Policy dialogue mechanisms for successful implementation of co-management strategies in Scotland’s inshore fishing sector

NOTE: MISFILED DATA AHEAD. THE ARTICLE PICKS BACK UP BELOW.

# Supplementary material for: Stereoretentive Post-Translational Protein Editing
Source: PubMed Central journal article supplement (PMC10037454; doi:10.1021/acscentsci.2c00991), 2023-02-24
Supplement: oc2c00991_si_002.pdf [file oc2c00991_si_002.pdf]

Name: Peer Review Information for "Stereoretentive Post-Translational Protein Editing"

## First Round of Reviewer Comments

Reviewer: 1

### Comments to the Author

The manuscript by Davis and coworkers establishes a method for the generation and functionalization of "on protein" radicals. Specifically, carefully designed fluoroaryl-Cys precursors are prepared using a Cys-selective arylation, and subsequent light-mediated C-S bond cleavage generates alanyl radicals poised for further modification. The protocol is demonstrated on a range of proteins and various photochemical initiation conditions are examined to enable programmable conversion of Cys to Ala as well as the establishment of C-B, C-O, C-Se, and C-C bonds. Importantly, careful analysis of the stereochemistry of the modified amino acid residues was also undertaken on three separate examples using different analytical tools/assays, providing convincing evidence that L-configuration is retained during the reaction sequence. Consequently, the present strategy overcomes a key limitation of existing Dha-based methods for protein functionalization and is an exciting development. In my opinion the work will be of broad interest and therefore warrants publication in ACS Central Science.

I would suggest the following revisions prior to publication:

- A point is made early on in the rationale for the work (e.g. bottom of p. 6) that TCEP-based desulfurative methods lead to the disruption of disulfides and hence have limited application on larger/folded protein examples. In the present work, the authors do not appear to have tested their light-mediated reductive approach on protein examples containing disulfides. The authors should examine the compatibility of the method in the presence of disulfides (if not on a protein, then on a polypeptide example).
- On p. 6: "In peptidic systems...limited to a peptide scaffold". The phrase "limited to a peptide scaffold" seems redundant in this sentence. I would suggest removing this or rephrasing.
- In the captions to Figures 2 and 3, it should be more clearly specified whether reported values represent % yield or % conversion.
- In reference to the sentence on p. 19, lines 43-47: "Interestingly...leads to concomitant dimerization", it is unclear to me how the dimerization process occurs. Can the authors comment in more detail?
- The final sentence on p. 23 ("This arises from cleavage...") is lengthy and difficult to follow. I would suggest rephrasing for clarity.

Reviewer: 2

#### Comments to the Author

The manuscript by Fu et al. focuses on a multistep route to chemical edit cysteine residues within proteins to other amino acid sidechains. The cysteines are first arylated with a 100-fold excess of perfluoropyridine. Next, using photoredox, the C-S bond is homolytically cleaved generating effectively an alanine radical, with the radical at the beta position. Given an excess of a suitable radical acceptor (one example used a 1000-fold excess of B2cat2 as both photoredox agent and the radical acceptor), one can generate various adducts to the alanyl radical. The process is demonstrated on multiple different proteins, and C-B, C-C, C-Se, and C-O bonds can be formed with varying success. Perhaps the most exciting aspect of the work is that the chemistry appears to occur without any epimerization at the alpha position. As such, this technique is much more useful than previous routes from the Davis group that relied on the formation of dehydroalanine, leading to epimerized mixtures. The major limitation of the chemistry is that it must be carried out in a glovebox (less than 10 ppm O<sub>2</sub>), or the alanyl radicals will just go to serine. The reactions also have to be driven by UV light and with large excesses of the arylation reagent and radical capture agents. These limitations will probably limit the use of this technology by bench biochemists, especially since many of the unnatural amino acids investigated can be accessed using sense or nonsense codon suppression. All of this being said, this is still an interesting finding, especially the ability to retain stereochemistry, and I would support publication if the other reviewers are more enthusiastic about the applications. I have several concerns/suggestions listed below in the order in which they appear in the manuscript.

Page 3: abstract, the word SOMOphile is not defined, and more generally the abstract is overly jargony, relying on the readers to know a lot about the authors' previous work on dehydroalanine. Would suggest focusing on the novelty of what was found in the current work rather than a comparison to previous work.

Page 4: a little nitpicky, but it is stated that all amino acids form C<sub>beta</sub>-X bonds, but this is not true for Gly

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Despite the importance of inshore fisheries to Scotland’s economy there has been lack of coherence between past management policies. Co-management strategies have become increasingly popular due to the theoretical benefits such as devolvement of decision making power to local communities, greater compliance and heightened transparency and accountability. There will be a special consideration of West Coast Inshore Fisheries Groups and Shetland Shellfish Regulation Order. Such programmes instigate the formation of new relationships in contexts Scottish Inshore fishermen have unlikely encountered previously. This research focuses on understanding the mechanisms that promote sustainable co-management strategies, with a particular emphasis on strengthening relationships and challenging existing power struggles. Information is gathered from interviews with individuals at the IFG, SSMO, Scottish Natural Heritage and the North Atlantic Fisheries College and is combined with recent historical data from newspapers and organisational websites. It is found from the research that several barriers exist for the successful implementation of new policies such as lack of government will, funding and data availability restrictions. It can be confidently stated that co-management is the optimum structure for fisheries management in Scotland when the environment, society and economy are working in synchrony. To ensure improvements in the process, governing authorities will be required to research into future funding capabilities or possibly shifting to use a regulating order as in Shetland.